It doesn’t work. I know because I tried. I went to the gym 9 days in a row. Not Thursday obviously because that was a national holiday. No, I didn’t go on the weekend either. That’s Netflix time. Anyway, that’s not the point. The point is that I went lots of times to the gym and it didn’t work. So Harry Judd obviously got his 6 pack abs some other way.
As absurd as this sounds, it happens in credit unions across the country every single day. Sales teams wonder why they aren’t selling, COOs wonder why their projects aren’t advancing faster, CEO’s wonder why their membership isn’t growing.
The reason is that the best outcomes occur as the result of processes over time. Just like going to the gym. The problem is that the improvements are often too small to notice in the short term and our brains don’t like this. Our brains prefer certainty today over uncertainty tomorrow.
In a joint study between Harvard, Carnegie Mellon and Princeton’s Center for the Study of Brain, Mind and Behavior, researchers found two areas of the brain that appear to compete for control over behavior when a person attempts to balance near-term rewards with long-term goals. The research involved imaging people’s brains as they made choices between small but immediate rewards or larger awards that they would receive later.
They found that people behave impatiently today but prefer or plan to act patiently in the future. For example, people who are offered the choice of $10 today or $11 tomorrow are likely to choose to receive the lesser amount immediately. But if given a choice between $10 in one year or $11 in a year and a day, people often choose the higher, delayed amount.
To overcome this bias, we need to employ strategies that enable us to defer instant gratification in favor of better longer term results.
So how can we get better results?
There are two things we can start doing differently today to reach our objectives.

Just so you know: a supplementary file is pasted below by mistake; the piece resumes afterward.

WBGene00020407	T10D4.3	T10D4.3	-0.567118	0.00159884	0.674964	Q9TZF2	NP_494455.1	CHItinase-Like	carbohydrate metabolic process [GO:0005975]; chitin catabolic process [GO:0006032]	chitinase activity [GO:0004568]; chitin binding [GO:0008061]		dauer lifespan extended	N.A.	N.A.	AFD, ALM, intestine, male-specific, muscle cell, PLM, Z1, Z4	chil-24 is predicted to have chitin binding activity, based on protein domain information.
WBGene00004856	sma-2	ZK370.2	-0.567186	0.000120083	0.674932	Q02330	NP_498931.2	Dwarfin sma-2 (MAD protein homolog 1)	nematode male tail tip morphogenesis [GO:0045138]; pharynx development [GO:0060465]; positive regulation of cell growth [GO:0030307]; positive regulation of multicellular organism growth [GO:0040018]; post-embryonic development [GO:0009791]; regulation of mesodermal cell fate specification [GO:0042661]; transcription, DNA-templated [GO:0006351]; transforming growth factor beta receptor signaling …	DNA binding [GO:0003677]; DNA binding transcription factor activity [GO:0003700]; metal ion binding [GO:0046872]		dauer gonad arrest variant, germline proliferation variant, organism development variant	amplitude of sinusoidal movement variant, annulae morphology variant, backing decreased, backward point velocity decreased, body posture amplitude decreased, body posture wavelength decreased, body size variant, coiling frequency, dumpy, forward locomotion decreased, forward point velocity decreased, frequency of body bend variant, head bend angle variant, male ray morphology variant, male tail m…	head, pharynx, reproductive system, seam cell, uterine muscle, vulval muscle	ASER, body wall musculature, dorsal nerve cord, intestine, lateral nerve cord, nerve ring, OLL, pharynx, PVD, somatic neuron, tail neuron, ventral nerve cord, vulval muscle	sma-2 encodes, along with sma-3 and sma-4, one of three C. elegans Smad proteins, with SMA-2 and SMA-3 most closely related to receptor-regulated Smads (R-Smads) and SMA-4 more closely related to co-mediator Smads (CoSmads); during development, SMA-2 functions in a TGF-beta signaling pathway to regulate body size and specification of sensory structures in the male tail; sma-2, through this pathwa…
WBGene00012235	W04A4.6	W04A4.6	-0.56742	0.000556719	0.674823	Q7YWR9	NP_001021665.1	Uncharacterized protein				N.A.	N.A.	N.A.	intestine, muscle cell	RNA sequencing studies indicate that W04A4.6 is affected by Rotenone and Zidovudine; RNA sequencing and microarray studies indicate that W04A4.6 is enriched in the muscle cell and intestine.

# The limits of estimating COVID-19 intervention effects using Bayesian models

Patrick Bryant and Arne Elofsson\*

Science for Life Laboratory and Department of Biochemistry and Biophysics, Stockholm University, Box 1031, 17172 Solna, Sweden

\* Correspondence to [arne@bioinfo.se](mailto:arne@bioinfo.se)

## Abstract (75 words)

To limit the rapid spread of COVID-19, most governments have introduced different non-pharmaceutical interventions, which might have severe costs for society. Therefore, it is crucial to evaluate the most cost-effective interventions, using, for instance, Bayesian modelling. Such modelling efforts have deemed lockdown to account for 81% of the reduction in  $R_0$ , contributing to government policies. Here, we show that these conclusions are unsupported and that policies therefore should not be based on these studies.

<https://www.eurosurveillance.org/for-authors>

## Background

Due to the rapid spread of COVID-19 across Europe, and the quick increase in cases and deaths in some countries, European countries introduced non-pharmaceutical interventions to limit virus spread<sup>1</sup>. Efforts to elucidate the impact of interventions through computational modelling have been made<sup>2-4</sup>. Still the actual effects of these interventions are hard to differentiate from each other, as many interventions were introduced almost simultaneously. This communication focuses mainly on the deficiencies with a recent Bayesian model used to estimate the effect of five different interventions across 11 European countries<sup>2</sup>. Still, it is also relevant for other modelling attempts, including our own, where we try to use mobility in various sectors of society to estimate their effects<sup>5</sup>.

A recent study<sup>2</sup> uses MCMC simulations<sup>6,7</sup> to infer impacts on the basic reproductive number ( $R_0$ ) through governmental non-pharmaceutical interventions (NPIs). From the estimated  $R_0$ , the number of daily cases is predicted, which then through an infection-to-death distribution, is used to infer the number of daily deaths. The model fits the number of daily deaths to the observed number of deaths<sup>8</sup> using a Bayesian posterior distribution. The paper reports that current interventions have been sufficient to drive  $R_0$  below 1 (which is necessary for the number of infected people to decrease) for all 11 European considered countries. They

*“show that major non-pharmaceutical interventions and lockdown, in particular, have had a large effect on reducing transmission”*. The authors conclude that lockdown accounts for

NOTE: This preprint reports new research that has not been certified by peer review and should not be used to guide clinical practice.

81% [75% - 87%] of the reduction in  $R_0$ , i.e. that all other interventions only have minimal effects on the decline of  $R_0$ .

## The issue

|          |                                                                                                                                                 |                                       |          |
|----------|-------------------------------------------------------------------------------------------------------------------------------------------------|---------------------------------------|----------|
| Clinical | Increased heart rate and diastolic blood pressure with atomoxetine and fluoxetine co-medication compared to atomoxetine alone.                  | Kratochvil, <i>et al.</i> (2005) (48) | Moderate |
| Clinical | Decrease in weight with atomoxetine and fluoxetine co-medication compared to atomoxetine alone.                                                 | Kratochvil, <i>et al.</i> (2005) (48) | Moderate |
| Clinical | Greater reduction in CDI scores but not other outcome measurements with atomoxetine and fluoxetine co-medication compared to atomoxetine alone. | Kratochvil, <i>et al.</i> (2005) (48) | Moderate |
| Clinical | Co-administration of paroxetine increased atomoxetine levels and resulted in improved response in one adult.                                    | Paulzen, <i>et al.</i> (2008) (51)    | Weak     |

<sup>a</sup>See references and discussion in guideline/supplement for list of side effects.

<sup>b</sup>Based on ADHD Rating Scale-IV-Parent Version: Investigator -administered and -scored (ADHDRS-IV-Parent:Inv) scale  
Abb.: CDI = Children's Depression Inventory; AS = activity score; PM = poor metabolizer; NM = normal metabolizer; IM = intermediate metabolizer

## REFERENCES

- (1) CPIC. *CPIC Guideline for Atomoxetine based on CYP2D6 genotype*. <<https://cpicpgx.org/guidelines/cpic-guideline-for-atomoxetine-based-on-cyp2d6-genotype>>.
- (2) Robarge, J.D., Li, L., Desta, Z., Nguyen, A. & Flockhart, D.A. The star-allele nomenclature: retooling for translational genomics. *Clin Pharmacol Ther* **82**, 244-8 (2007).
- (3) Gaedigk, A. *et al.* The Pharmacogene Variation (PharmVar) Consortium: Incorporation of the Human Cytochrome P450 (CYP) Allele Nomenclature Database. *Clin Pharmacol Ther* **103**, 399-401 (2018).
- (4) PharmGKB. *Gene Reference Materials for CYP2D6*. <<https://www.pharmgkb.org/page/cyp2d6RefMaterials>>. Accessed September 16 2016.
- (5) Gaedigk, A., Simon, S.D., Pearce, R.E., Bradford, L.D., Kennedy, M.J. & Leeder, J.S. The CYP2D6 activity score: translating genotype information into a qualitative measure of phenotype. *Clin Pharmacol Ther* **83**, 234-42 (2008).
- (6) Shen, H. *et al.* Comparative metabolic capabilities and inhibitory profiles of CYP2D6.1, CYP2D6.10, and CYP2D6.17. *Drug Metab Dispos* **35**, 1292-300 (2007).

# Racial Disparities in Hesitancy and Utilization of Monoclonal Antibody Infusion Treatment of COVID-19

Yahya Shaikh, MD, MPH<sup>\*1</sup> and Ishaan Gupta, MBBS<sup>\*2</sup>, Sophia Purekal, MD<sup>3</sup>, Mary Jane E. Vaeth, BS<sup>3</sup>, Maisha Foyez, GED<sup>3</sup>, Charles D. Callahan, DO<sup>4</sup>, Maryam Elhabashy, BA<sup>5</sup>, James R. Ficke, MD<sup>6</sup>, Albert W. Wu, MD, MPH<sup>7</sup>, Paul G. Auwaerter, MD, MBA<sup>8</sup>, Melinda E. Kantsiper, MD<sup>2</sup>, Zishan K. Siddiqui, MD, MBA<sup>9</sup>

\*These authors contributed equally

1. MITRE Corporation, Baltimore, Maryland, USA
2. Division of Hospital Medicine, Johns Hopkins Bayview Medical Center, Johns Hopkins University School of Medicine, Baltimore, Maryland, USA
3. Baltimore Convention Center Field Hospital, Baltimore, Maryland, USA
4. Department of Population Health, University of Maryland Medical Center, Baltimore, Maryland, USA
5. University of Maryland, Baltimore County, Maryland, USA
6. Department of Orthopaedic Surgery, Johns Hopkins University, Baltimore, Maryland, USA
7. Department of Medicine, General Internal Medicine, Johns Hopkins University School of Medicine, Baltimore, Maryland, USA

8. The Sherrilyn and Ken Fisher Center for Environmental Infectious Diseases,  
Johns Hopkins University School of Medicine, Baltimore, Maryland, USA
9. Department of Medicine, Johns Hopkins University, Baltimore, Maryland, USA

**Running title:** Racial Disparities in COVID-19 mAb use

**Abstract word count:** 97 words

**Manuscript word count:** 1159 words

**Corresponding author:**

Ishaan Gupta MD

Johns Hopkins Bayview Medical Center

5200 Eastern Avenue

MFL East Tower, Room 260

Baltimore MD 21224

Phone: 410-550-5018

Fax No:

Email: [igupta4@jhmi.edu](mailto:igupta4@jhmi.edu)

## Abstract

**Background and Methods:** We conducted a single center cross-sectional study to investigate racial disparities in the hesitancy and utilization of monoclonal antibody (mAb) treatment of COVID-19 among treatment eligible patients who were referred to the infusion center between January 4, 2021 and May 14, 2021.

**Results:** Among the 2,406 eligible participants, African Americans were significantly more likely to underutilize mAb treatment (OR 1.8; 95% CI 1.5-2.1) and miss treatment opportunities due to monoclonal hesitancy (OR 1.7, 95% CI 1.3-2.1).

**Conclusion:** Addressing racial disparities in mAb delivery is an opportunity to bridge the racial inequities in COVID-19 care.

1. Identify the process you need to get the outcome you desire
If you want to grow your membership then you will get better results with a customer-centric sales process. When you have a well-designed process, you know that if you follow it consistently you will get results. However, because there’s work today with a pay off in the future, some sales people will falter. If you have a robust sales management process you will be able to pick up on this fairly quickly. Look out for common phrases like, our credit policy is too rigid, the economy is bad, it’s the wrong time of year, we are too expensive, our system is too old and I’m still waiting for sign off.
There only two reasons we don’t reach our objectives:
- The process is wrong or
- The process wasn’t followed
Getting buy in to a process can be a challenge. It’s advisable to have the folks that will be using the process, involved in its design. The process will be better and you’ll get more commitment to it.
Of course, the world isn’t static. Our processes need to be able to adapt to change. What works today may not work as well tomorrow. If we don’t map out our processes and measure them at each stage it’s hard to figure out where the problem is and how to fix it.